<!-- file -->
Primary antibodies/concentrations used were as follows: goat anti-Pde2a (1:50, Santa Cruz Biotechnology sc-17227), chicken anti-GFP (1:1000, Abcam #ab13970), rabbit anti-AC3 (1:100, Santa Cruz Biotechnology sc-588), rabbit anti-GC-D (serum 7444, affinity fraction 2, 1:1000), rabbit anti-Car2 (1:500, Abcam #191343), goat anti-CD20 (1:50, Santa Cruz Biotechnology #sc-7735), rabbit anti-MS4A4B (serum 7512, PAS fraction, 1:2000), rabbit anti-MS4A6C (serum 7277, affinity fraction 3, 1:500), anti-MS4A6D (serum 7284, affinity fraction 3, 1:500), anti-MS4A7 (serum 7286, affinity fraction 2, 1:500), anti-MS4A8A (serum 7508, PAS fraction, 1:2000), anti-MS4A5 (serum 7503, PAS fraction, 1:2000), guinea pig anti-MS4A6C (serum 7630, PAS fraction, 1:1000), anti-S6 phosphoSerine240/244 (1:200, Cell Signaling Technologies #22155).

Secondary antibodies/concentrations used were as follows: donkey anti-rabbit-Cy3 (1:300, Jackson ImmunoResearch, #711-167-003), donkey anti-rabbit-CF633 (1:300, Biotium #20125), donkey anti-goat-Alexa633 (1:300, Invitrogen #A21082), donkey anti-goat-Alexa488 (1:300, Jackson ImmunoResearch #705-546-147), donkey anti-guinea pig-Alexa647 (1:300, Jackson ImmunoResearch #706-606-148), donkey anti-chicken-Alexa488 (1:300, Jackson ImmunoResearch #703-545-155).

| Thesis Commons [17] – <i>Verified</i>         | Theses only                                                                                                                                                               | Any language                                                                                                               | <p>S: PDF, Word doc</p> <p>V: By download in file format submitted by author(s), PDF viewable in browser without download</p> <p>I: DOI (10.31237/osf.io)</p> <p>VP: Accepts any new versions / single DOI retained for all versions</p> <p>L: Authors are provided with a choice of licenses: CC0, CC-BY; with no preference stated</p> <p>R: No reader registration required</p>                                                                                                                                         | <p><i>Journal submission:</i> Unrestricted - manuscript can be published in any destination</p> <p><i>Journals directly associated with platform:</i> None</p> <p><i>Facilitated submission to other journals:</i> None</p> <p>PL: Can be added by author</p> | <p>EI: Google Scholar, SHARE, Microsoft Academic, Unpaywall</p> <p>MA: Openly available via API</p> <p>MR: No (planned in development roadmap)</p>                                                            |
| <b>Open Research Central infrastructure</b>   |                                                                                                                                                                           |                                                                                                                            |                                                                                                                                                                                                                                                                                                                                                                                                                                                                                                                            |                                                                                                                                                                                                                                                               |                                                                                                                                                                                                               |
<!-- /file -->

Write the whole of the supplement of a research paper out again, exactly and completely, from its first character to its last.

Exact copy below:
Primary antibodies/concentrations used were as follows: goat anti-Pde2a (1:50, Santa Cruz Biotechnology sc-17227), chicken anti-GFP (1:1000, Abcam #ab13970), rabbit anti-AC3 (1:100, Santa Cruz Biotechnology sc-588), rabbit anti-GC-D (serum 7444, affinity fraction 2, 1:1000), rabbit anti-Car2 (1:500, Abcam #191343), goat anti-CD20 (1:50, Santa Cruz Biotechnology #sc-7735), rabbit anti-MS4A4B (serum 7512, PAS fraction, 1:2000), rabbit anti-MS4A6C (serum 7277, affinity fraction 3, 1:500), anti-MS4A6D (serum 7284, affinity fraction 3, 1:500), anti-MS4A7 (serum 7286, affinity fraction 2, 1:500), anti-MS4A8A (serum 7508, PAS fraction, 1:2000), anti-MS4A5 (serum 7503, PAS fraction, 1:2000), guinea pig anti-MS4A6C (serum 7630, PAS fraction, 1:1000), anti-S6 phosphoSerine240/244 (1:200, Cell Signaling Technologies #22155).

Secondary antibodies/concentrations used were as follows: donkey anti-rabbit-Cy3 (1:300, Jackson ImmunoResearch, #711-167-003), donkey anti-rabbit-CF633 (1:300, Biotium #20125), donkey anti-goat-Alexa633 (1:300, Invitrogen #A21082), donkey anti-goat-Alexa488 (1:300, Jackson ImmunoResearch #705-546-147), donkey anti-guinea pig-Alexa647 (1:300, Jackson ImmunoResearch #706-606-148), donkey anti-chicken-Alexa488 (1:300, Jackson ImmunoResearch #703-545-155).

| Thesis Commons [17] – <i>Verified</i>         | Theses only                                                                                                                                                               | Any language                                                                                                               | <p>S: PDF, Word doc</p> <p>V: By download in file format submitted by author(s), PDF viewable in browser without download</p> <p>I: DOI (10.31237/osf.io)</p> <p>VP: Accepts any new versions / single DOI retained for all versions</p> <p>L: Authors are provided with a choice of licenses: CC0, CC-BY; with no preference stated</p> <p>R: No reader registration required</p>                                                                                                                                         | <p><i>Journal submission:</i> Unrestricted - manuscript can be published in any destination</p> <p><i>Journals directly associated with platform:</i> None</p> <p><i>Facilitated submission to other journals:</i> None</p> <p>PL: Can be added by author</p> | <p>EI: Google Scholar, SHARE, Microsoft Academic, Unpaywall</p> <p>MA: Openly available via API</p> <p>MR: No (planned in development roadmap)</p>                                                            |
| <b>Open Research Central infrastructure</b>   |                                                                                                                                                                           |                                                                                                                            |                                                                                                                                                                                                                                                                                                                                                                                                                                                                                                                            |                                                                                                                                                                                                                                                               |                                                                                                                                                                                                               |